You come to work in the morning. In your mailbox there are a few or dozens of e-mails that need to be taken care of and your boss assigns you some tasks for the day. There is only one problem: you just don’t feel like doing it. So you put everything aside for a magical and mythical “later.” You think that when it comes, things will be better.
Sounds familiar? Don’t worry; you are not alone.
Procrastination means avoiding and postponing tasks, and it applies to pretty much every area of life: from small and minor things to long-term life plans. But let’s not confuse it with ordinary laziness – specialists consider procrastination to be a valid psychological problem. Basically, instead of doing certain tasks that we’re not quite eager to do, we put them off for later. Depending on how difficult and serious the task seems to be, we may delay it by 10 minutes (calling someone back), an hour (writing an e-mail), a day (cleaning up your desk), a week (starting a project), a year (change of job), etc. However, if you say to yourself “I will do it in an hour” it doesn’t mean that you will actually do it. If there is no deadline to meet and you don’t have another external thing which could motivate you, then you may be postponing the task pretty much indefinitely.
Procrastination works in a very deceitful way. At first, we are relieved: by postponing a problem for later, we have the feeling that we have got rid of it to some extent, and it no longer concerns us. However, somewhere at the back of our head, we are constantly aware that we have something to do. In the end, we come to the realization that the task can no longer be delayed. Then comes the stress when we realize that we do not have enough time. Finally, we are angry at ourselves for allowing such a situation to happen in the first place. But does it teach us not to do the exact same thing next time?
Of course not. As we’ve mentioned before, procrastination is a psychological problem which in serious cases can be traced back to childhood and needs a consultation with a doctor. Most of us, however, are struggling with another type of procrastination, which can be very easily explained: it’s, unfortunately, part of the human nature and we have been programmed like that. In our brains, two forces fight with each other: emotional (limbic system) and rational (prefrontal cortex). The rational brain knows that although the task will take some time and we may not like it, completing it is ultimately good for us and will give us a sense of satisfaction. But the emotional brain completely ignores those facts, because it much more prefers spontaneity and the feeling of immediate gratification and getting the reward. And that is precisely what delaying a task and focusing on more pleasant things (such as watching cats on YouTube) gives you. Doing the activity also requires a certain input of energy and our bodies like to store energy for „rough times.” If we add to that the signal from the brain which says “this activity can wait,” then we have the perfect excuse for our procrastination, which we are not even aware of.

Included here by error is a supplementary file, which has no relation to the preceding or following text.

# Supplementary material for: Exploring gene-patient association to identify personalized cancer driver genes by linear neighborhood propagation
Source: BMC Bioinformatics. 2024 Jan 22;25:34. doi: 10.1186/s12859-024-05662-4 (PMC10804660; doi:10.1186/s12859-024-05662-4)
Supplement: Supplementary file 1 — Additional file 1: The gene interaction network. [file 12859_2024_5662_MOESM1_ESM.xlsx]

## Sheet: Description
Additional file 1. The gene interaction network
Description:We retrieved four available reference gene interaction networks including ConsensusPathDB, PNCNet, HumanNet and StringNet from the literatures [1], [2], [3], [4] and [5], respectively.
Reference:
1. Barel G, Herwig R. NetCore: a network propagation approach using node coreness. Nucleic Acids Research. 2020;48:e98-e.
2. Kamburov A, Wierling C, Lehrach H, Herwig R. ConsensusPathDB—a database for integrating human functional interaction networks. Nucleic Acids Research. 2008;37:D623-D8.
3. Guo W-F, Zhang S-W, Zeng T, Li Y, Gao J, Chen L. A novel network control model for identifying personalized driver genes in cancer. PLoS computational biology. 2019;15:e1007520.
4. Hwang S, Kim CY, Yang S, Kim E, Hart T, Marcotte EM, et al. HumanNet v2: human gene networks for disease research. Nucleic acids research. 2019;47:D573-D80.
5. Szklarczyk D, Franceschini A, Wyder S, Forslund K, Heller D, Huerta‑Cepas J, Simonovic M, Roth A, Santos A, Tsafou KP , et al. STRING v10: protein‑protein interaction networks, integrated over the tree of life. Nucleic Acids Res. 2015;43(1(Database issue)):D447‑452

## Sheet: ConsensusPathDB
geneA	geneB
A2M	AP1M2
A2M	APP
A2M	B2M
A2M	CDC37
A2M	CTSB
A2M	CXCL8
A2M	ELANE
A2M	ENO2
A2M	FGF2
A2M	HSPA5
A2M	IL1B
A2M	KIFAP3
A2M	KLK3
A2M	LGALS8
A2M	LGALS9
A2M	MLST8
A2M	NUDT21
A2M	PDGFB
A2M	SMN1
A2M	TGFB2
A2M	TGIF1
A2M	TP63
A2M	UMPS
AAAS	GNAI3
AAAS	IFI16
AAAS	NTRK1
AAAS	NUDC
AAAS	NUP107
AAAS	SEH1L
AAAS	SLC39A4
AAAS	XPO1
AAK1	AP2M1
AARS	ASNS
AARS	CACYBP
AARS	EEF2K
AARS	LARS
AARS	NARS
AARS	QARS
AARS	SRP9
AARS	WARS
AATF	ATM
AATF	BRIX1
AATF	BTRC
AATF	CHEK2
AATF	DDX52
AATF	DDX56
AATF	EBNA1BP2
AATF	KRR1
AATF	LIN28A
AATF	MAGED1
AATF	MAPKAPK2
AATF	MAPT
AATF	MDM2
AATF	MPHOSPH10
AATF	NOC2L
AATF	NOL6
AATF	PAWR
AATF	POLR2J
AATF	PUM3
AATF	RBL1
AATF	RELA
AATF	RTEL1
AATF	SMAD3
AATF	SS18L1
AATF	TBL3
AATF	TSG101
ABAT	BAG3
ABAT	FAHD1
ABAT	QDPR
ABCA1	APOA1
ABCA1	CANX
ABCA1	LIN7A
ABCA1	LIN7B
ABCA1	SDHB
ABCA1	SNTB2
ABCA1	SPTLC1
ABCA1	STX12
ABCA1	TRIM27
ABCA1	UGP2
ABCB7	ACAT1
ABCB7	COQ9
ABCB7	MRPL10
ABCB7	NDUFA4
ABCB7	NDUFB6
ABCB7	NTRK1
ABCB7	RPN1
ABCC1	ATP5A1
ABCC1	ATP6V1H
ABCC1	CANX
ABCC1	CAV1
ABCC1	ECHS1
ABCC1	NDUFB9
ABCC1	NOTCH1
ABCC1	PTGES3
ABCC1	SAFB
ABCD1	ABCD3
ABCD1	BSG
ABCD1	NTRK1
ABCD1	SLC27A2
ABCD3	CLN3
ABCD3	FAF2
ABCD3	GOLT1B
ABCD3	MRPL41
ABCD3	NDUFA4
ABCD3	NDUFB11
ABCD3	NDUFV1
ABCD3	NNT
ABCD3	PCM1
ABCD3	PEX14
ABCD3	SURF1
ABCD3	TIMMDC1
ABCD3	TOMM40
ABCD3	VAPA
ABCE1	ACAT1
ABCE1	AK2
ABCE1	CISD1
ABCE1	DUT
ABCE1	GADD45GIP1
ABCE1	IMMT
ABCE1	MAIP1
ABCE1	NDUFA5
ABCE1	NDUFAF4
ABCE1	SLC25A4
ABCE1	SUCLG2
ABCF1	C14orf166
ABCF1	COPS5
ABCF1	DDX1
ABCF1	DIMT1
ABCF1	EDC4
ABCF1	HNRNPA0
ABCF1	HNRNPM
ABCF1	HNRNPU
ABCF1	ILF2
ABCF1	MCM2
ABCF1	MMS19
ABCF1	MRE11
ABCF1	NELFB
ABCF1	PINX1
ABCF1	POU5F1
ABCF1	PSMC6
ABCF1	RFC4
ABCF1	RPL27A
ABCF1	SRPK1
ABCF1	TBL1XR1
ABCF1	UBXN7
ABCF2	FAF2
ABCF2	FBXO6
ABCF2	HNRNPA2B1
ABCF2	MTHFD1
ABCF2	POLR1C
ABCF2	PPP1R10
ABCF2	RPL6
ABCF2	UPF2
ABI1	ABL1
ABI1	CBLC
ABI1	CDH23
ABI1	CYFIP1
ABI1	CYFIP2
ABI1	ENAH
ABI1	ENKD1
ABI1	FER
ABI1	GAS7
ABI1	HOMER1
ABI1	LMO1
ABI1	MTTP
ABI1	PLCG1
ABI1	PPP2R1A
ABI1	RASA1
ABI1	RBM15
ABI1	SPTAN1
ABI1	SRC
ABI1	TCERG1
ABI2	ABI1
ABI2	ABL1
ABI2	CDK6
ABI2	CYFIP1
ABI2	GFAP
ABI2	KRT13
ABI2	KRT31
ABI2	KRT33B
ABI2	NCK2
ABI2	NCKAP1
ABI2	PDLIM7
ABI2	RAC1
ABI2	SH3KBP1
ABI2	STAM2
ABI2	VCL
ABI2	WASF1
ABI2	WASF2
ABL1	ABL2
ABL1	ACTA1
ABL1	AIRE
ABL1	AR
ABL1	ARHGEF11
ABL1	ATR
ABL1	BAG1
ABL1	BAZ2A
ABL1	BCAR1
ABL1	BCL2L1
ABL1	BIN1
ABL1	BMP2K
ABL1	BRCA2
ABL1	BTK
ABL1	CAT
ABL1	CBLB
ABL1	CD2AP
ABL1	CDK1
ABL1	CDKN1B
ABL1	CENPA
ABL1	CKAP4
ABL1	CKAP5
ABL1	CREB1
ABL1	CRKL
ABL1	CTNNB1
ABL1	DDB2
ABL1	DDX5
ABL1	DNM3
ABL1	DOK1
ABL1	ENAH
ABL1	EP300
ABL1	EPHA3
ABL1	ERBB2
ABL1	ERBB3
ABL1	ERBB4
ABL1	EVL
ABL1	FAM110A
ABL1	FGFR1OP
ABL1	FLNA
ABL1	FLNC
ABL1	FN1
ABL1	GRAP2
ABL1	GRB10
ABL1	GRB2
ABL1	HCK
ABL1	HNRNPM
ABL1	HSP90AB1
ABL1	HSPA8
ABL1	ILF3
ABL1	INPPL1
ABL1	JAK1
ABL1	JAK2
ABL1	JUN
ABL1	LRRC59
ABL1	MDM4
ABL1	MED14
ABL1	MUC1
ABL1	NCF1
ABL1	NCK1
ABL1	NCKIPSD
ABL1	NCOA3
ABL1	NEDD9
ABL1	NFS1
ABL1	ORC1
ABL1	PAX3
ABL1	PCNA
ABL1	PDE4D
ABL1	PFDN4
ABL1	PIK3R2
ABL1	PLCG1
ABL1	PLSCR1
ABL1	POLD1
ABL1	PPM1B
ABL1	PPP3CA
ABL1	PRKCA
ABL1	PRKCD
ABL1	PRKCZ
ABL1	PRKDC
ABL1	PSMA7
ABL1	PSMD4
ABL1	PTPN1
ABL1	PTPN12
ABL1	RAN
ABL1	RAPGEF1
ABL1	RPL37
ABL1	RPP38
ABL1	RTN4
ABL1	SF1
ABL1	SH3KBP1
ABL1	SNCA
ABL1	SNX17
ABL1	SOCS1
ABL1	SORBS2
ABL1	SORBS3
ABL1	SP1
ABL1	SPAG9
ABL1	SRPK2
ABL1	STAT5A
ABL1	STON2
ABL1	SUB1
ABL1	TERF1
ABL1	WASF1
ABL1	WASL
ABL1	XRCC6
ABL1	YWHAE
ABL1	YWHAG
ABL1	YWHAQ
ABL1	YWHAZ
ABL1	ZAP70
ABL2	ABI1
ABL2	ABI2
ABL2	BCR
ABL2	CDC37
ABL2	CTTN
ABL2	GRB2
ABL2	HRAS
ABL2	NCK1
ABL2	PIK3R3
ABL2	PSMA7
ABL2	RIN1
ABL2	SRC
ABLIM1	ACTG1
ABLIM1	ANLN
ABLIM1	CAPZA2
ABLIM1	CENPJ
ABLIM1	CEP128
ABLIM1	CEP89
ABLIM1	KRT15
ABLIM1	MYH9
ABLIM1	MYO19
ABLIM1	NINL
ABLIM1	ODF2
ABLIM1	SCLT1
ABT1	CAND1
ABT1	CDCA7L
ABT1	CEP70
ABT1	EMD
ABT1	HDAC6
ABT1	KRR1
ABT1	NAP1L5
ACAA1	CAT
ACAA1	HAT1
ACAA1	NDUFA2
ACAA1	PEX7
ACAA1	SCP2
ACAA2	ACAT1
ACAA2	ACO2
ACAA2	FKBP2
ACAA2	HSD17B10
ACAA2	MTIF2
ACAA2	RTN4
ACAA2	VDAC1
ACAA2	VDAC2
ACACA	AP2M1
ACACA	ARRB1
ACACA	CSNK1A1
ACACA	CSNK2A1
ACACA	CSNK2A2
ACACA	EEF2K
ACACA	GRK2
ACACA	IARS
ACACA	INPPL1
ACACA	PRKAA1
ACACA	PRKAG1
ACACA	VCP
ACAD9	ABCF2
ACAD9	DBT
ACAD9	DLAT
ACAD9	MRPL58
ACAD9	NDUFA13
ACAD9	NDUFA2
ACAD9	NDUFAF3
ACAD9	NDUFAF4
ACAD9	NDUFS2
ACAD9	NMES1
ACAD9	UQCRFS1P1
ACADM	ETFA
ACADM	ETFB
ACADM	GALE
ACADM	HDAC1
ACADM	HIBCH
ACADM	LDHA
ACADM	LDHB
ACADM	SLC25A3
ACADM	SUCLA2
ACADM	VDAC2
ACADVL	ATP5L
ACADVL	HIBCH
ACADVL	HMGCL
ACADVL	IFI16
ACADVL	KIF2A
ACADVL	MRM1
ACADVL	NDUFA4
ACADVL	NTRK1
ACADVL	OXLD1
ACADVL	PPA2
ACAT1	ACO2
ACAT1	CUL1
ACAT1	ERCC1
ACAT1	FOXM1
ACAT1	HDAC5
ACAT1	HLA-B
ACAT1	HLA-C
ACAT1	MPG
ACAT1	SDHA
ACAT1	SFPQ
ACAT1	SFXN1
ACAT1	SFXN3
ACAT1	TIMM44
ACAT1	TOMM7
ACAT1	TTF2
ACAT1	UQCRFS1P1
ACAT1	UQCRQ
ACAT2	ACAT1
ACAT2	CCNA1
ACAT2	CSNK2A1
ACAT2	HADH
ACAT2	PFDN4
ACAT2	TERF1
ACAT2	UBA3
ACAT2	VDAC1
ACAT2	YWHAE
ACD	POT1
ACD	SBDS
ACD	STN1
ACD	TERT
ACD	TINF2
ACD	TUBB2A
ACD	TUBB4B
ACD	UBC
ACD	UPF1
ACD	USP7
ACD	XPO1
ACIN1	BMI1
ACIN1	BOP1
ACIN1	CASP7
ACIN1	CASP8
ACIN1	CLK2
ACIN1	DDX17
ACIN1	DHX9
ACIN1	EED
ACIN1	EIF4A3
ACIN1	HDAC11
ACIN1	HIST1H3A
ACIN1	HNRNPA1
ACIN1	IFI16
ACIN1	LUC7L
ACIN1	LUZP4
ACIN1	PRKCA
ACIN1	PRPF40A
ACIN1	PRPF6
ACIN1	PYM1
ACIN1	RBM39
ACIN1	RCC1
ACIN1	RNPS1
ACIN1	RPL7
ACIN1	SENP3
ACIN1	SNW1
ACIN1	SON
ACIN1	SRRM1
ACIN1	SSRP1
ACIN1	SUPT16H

How to deal with procrastination?
- Plan your work. Thanks to this you will have a specific picture of what you’re really facing and a sense of satisfaction that you have already accomplished something. Prepare a list of all tasks you need to do and divide them into four categories: important and quick, important and long-term, not important and quick, not important and long-term.
- If you have several tasks to do “for now,” start with the two that you think are the simplest and the fastest, then use the momentum and start working on the most difficult one.
- For procrastinating people, the most challenging thing to do is actually starting doing something. Try dividing the task into smaller parts and do the easiest one. You will feel better when you manage to finish it and when you realize that it makes you feel good you will want to maintain it. So you will complete the next stage and the next one and before you even know it the whole task will be done.
- Take some time to prepare your workspace. Get rid of any distractions, hide your phone out of sight (and out of reach preferably) and if you can find a quiet place where no one will disturb you.
- If you’re having difficulties with a particular task, don’t give up entirely. Instead, try to focus on doing another thing from your list. This will allow you not to lose the right mindset and you still will be completing tasks.
- Use the Pomodoro technique (the name comes from a tomato-shaped kitchen timer). This technique means focusing fully on doing the task for 25 minutes and then taking a 5-minute break. And repeat. That way you trick the emotional part of the brain. It will eventually get the reward, it just has to wait for 25 minutes. That’s not much, right?
- If everything else has failed, try to play a psychological game with yourself and imagine two future versions of yourself: one that performed the task and the other, which is still putting it off. Which version feels better and which has greater satisfaction? At this stage, which version you will become depends only on you.
Recruiters, headhunters and Executive Search consultants – how do you deal with tasks that are difficult or you’re not excited about?
What tasks do you usually postpone for later?